Problem: Chemical procedures commonly require the introduction of heat. This is typically in the form of a hot plate or open flame. While the best place to perform these types of chemical procedures is inside a chemical fume hood, most people are unaware of heat’s effect on the airflow through the fume hood, and the potential impact on containment.
A fume hood under normal operation has air entering through the face opening, as well as through an upper by-pass opening. As the sash is raised, less air enters the by-pass, and as the sash is lowered, more air enters through the by-pass.
Sometimes there is a level of heat generation inside a hood greater than the volumetric rate of air (CFM) can adequately dilute. When the rate of heat generation is sufficient enough for the temperature of the hood interior to increase, it can generate a resulting increase in pressure, or decrease in the pressure differential, at the upper portion of the fume hood. This ultimately can result in a reversal of airflow through the upper by-pass opening on the hood, pushing contaminated air into the laboratory. This chain of events is called heat effect.
Solution: To eliminate or mitigate heat effect, we look at two criteria:
- Dilution: There must be an adequate volumetric rate of air (CFM) to maintain a level of heat dilution that keeps the interior change of temperature below the individual hood’s specific temperature threshold for heat effect.
- Face velocity compensation: There must be a minimum base line velocity (fpm) maintained when no heat is present, to overcome an increase in internal pressure as a result of the temperature increase. This is especially critical to the upper by-pass, and is directly related to the design of the hood, including size and shape of the opening, as well as baffle design.
If dilution is maintained, face velocity compensation is not critical as the internal pressure of the hood will never increase. If the rate of dilution is not significant enough to prevent temperature increases at the top of the hood, face velocity compensation can temporarily mitigate heat effect via localized heat dilution at critical openings in the hood.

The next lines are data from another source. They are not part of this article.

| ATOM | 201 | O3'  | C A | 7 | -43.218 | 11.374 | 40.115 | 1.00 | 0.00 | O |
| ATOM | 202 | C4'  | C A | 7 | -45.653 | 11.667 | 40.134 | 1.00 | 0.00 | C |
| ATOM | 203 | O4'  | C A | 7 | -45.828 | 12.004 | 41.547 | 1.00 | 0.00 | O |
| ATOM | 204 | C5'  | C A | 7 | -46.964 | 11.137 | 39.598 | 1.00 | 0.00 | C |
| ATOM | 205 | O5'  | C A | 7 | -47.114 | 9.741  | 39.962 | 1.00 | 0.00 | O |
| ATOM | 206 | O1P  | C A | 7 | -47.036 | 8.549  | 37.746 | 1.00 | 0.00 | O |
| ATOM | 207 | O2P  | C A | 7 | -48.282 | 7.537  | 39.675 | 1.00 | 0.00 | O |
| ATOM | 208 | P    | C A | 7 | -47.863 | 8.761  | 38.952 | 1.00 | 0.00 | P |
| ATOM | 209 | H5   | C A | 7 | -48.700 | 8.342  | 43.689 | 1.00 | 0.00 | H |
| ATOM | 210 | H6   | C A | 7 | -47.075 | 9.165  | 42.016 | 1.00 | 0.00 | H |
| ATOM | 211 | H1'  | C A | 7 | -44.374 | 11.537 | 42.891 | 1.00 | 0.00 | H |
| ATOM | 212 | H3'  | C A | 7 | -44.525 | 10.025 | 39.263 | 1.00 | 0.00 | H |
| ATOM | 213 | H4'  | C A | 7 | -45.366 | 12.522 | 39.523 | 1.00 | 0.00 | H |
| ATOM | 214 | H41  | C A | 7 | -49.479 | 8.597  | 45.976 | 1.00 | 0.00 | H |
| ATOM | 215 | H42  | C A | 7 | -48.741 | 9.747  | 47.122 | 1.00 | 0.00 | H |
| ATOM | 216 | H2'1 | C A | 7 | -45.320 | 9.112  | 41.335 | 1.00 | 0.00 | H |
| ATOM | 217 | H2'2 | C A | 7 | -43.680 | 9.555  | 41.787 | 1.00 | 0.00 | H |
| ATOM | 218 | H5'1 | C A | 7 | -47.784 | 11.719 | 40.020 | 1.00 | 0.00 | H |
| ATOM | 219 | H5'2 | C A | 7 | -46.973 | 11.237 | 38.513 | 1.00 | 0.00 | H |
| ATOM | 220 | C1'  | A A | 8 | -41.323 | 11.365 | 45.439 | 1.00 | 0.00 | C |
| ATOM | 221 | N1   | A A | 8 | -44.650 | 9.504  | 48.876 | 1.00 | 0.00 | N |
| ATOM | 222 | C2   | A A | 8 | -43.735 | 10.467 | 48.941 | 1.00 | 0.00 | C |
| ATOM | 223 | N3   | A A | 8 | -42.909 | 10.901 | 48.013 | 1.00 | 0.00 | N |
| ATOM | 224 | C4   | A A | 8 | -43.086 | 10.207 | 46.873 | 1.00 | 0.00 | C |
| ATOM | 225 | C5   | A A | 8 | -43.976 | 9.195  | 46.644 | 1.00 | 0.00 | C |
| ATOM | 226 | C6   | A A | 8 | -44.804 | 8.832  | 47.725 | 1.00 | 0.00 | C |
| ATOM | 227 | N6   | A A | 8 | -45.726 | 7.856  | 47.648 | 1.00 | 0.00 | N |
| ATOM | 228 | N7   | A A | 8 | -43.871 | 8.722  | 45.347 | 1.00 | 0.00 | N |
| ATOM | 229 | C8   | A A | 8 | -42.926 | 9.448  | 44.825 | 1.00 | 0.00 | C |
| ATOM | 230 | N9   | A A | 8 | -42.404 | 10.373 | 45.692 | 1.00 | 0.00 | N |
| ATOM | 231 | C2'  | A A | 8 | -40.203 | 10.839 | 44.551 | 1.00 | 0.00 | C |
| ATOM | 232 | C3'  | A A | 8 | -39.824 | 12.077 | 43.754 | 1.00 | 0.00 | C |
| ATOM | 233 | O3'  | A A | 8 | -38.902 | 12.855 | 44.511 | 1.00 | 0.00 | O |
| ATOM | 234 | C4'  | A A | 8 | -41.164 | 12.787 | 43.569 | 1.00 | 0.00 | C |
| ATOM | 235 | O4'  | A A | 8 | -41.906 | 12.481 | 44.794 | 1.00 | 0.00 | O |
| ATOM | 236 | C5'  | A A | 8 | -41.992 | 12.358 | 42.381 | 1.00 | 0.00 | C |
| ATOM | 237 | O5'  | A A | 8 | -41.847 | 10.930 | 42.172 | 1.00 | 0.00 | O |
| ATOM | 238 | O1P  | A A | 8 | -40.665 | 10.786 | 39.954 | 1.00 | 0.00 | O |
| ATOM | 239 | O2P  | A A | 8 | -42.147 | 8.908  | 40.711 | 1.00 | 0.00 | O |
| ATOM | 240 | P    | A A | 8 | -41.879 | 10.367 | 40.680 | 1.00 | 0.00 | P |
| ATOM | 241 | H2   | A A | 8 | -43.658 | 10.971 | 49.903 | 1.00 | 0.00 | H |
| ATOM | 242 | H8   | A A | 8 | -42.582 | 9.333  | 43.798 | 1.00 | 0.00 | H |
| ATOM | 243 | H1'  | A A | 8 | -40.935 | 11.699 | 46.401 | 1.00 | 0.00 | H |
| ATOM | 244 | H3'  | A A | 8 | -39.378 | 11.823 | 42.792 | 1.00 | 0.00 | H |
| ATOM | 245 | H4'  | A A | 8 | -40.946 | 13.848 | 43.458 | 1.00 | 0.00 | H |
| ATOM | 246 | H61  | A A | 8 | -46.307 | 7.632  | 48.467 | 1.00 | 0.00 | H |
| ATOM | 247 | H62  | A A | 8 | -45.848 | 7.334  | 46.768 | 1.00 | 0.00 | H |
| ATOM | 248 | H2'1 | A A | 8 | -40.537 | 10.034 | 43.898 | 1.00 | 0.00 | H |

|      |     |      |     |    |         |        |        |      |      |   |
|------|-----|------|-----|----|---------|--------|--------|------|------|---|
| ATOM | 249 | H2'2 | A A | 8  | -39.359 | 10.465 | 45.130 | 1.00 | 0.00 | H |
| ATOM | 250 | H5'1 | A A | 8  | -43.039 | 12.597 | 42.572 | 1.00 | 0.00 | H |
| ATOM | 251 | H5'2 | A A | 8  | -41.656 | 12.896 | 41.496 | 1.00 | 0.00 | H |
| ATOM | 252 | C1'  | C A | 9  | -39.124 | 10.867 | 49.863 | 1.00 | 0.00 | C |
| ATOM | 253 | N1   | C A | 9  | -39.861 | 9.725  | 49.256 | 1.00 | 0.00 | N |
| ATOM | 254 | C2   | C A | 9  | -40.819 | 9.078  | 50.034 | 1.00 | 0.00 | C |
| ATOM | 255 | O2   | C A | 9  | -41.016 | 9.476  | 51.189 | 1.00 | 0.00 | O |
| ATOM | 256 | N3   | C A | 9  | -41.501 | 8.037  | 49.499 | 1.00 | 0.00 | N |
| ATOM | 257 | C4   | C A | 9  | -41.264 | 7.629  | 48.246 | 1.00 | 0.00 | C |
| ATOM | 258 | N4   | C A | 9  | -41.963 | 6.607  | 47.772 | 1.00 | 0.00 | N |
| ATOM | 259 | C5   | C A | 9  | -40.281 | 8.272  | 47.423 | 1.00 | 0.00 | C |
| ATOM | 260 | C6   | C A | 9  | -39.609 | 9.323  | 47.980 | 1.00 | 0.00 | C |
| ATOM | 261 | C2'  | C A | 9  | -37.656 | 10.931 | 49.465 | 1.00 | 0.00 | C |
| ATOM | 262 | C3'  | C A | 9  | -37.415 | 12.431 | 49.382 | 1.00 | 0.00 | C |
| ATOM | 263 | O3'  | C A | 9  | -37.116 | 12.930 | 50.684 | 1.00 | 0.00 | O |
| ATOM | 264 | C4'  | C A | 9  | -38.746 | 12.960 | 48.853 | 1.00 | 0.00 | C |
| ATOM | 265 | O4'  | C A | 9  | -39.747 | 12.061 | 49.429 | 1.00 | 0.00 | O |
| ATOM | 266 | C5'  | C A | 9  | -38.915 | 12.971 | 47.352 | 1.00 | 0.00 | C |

Sizing the mechanical system airflow for heat effect is critical. Fume hood manufacturers should be familiar with their fume hood’s heat effect threshold and be able to provide users with required airflow data for a specific heat source power output (BTU/hour or watts).
If the fume hood will be part of a variable air volume (VAV) mechanical system, the controller should be programmed to maintain a minimum volumetric rate (CFM) for adequate dilution. This means that as the sash is closed, the volumetric rate of air is reduced, the system reaches a minimum CFM higher than is typical on a standard VAV fume hood, strictly for the purpose of controlling the interior temperature.
If a by-pass style hood is set up on a constant volume installation, there is not a VAV controller and as the fume hood sash is closed, the face velocity will increase. This is of concern because face velocities above 120 fpm can create significant turbulence in front of the operator, and it can be difficult to work deep enough into the hood so that the operator’s hands are not in turbulent air. Working in turbulent air caused by excessive face velocity may result in periodic exposures to chemicals. If the velocity of air around the operator is reduced, the area of turbulent air in front of the operator will be reduced as well. However, low face velocities and volumetric rates are in direct conflict with mitigating heat effect. The optimal design CFM should include a combination of low enough face velocity to prevent periodic operator exposure, and fast enough face velocity to prevent catastrophic failure from heat generation. This is achieved by setting the volumetric rate requirement for the hood based on dilution with the sash at its operating height, and face velocity compensation with the sash in its fully open position, whichever of the two figures is greater.
For more information, visit http://www.labconco.com/category/ventilated-enclosures-exhausters
Sash open (left) with a small amount of upper by-pass air; sash closed (right) with a large amount of upper by-pass air.
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